Even Federal Reserve policymakers recognized it: Their huge double dose of medicine for the sickly economy was not a cure.
On Wednesday, the Fed downgraded its expectations for economic growth this year, citing damage from the housing slump and credit crunch. It said it also expects higher unemployment and inflation.
Fed Chairman Ben Bernanke and his colleagues are concerned the economy could continue to weaken, even after their aggressive interest rate cuts last month. In their words, “the committee agreed that downside risks to growth would remain even after this action,” according to minutes of the Fed’s Jan. 29-30 closed door meeting. The minutes were released Wednesday.
At that session, the Fed policymakers voted to cut a key interest rate by one-half percentage point to 3 percent. Just eight days earlier, in an emergency session, they had slashed the rate by a rare three-quarters percentage point. The two cuts together marked the most dramatic reductions in a single month by the Fed in a quarter century.
Under its new economic forecast, the Fed said it now believes the gross domestic product will grow between 1.3 percent and 2 percent this year. The previous forecast was for growth between 1.8 percent and 2.5 percent.
GDP is the value of all goods and services produced within the United States and is the best barometer of the country’s economic fitness.
With the economy slowing, the Fed projected that the jobless rate will rise to between 5.2 percent and 5.3 percent this year. The old forecast was for the rate to climb as high as 4.9 percent. Last year, unemployment averaged 4.6 percent.
And, with energy prices heading upward, the Fed also raised its projection for inflation. It now expects inflation to be between 2.1 percent and 2.4 percent this year, up from the previous forecast of 1.8 percent to 2.1 percent.
The Fed said the revisions reflected factors including “a further intensification of the housing market correction, tighter credit conditions ... ongoing turmoil in financial markets and higher oil prices.”
The combination of slower economic growth and increasing inflation could complicate the Fed’s work. The central bank’s remedy for a weakening economy is interest rate cuts. To combat inflation, the Fed usually boosts rates.
Oil prices on Wednesday climbed to a new record — topping $100 a barrel. Consumer prices, meanwhile, rose by a bigger-than-expected 0.4 percent in January, according to new government figures.
While some believe inflation concerns could lead the Fed to cut rates by a modest one-quarter percentage point at its next meeting on March 18, many are still predicting another half-point reduction.
“Job No. 1 at the Fed is to right this potentially sinking ship even as inflation continues to percolate,” said Richard Yamarone, economist at Argus Research. He and other economists believe the Fed is sending a message that the risk of recession outweighs the danger of inflation — for now, anyway.
On Wall Street, the hope of more rate cuts lifted stocks. The Dow Jones industrials closed up 90.04 points.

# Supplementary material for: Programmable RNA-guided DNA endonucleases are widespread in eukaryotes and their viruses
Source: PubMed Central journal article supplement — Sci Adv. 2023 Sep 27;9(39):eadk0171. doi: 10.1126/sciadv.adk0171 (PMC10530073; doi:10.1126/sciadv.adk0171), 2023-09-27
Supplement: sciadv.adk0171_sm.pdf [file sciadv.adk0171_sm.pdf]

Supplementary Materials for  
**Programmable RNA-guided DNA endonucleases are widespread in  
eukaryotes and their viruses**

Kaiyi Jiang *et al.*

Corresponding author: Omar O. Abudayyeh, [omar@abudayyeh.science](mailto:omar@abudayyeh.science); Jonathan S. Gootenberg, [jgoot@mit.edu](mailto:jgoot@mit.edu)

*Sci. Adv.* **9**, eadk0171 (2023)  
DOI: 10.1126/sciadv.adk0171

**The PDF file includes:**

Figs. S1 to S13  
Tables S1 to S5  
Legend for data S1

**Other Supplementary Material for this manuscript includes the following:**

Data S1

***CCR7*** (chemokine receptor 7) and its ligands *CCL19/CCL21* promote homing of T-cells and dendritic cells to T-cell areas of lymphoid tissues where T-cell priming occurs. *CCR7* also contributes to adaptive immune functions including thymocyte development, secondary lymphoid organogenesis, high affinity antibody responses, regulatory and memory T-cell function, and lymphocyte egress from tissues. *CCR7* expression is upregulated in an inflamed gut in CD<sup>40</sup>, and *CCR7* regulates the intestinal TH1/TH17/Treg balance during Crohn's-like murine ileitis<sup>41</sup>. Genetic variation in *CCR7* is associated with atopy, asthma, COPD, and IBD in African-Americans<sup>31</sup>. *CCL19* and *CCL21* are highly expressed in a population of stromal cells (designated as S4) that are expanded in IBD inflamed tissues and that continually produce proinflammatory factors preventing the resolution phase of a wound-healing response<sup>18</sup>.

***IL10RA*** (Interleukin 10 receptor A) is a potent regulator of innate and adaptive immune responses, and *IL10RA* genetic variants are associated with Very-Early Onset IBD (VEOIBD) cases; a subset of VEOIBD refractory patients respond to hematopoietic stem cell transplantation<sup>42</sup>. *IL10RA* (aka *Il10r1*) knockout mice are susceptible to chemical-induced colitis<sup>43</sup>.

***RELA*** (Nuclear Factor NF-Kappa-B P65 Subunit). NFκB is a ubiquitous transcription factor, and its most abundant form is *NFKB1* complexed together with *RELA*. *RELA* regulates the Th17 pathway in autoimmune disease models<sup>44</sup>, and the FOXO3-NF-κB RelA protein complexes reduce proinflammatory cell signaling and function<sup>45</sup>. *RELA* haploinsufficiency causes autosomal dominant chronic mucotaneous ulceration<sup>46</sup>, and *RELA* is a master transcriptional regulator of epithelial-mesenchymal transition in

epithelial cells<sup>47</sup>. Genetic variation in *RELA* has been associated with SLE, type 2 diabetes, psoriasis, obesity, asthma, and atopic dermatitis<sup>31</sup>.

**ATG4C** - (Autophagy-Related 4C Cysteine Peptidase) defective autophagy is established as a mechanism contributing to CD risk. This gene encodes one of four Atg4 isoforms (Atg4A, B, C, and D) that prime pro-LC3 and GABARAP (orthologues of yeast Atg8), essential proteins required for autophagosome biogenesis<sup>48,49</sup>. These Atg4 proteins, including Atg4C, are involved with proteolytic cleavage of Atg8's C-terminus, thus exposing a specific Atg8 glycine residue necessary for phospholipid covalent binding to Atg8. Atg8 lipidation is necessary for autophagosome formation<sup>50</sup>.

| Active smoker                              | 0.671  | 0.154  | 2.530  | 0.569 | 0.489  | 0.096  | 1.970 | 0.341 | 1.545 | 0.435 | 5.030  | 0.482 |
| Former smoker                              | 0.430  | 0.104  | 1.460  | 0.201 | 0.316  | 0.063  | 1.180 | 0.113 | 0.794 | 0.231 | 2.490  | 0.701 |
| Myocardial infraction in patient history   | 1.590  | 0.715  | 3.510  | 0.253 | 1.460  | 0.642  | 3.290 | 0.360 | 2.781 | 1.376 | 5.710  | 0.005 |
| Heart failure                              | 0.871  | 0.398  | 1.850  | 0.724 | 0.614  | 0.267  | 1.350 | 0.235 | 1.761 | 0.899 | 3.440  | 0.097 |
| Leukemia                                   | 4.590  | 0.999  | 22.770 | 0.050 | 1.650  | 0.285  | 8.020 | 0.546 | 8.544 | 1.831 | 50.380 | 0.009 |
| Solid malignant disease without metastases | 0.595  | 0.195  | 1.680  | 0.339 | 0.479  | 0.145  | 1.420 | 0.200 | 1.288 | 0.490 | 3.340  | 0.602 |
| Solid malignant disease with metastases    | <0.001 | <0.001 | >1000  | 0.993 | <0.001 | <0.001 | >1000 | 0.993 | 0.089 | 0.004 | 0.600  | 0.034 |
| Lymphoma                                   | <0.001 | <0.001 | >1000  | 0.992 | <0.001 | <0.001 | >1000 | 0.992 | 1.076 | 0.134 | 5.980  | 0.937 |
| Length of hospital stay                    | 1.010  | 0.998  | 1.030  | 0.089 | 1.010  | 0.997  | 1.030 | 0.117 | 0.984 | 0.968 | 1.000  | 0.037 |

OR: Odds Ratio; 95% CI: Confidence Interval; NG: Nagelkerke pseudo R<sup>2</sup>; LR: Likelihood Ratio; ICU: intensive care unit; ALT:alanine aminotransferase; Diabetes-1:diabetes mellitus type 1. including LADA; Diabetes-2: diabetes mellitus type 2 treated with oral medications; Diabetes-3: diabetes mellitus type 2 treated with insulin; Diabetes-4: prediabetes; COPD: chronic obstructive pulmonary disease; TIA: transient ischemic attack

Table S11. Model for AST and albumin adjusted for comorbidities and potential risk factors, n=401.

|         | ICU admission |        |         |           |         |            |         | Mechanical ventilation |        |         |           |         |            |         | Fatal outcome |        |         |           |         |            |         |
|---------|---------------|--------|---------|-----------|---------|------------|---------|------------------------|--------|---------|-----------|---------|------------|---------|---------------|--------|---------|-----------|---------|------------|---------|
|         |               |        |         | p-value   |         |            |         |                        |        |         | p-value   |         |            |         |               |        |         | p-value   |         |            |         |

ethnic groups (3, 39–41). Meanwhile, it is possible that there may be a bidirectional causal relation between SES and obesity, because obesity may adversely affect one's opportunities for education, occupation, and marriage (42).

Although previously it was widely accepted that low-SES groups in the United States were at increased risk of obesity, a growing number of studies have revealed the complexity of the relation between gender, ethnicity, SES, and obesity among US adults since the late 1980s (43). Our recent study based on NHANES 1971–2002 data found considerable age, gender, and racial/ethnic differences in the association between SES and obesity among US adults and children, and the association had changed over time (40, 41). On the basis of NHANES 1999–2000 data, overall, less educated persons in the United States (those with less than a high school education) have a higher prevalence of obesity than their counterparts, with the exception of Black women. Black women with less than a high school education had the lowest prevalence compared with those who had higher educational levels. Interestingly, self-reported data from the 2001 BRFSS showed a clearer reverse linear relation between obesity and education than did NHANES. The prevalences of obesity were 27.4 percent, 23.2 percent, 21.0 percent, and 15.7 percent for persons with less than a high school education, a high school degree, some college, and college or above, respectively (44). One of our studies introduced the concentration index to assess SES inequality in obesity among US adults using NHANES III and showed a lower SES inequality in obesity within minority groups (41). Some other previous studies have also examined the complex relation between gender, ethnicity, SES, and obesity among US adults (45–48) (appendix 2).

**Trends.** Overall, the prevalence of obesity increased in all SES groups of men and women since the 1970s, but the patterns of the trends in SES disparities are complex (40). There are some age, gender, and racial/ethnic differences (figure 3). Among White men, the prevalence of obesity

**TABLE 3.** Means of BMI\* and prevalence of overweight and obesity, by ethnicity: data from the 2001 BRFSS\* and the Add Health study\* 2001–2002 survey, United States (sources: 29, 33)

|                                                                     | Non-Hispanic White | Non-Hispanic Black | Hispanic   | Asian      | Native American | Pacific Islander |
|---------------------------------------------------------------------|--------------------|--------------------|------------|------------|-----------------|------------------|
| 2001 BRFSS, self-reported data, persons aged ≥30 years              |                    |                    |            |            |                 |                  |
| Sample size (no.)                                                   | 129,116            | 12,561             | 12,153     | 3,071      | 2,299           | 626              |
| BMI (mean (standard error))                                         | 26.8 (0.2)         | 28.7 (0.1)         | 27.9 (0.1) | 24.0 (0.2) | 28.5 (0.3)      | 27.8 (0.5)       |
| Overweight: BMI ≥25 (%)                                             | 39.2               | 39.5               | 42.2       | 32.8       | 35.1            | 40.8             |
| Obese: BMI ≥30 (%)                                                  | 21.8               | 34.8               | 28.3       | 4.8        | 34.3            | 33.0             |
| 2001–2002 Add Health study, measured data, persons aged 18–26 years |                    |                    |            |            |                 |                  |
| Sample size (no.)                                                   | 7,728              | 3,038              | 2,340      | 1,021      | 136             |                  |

Fed policymakers were mindful that they needed to keep a close eye on inflation, minutes of the Jan. 29-30 meeting said.
And, several noted that when prospects for economic growth improved, “a reversal of a portion of the recent easing actions, possibly even a rapid reversal, might be appropriate,” according to the documents.
Still, all but one of the Fed’s members agreed to lower rates by a half-point at that time.
Richard Fisher, president of the Federal Reserve Bank of Dallas was the sole dissenter. He preferred no change, believing the level of interest rates was already “quite stimulative, while headline inflation was too high.”
For next year, the Fed expects economic growth to pick up a bit and for inflation to moderate. The unemployment rate could ebb to 5 percent or hover as high as 5.3 percent, according to the Fed’s forecast.
The minutes also showed that the Fed conducted a conference call on Jan. 9 as policymakers reviewed economic data and financial market developments, which were worsening. They did not lower interest rates at that time, although most policymakers were of the view that “substantial additional policy easing in the near term might well be necessary” to help brace the wobbly economy.
As the financial situation continued to deteriorate, worldwide stock markets plunged and recession fears intensified, Bernanke convened an emergency conference call on Jan. 21. The Fed decided to slash rates by the dramatic three-quarters of a point and make the announcement on the following morning, Jan. 22.
Demonstrating the Fed’s “commitment to act decisively” might reduce concerns that seemed to be contributing to the worsening state of financial markets, according to the minutes. However, there was some concern expressed that such a bold move “could be misinterpreted as directed at recent declines in stock prices, rather than the broader economic outlook,” the documents showed.
William Poole, president of the Federal Reserve Bank of St. Louis, was the lone dissenter on the Fed rate cut announced on Jan.
22. He did not believe conditions justified a cut before the regularly scheduled meeting on Jan. 29-30, the minutes said.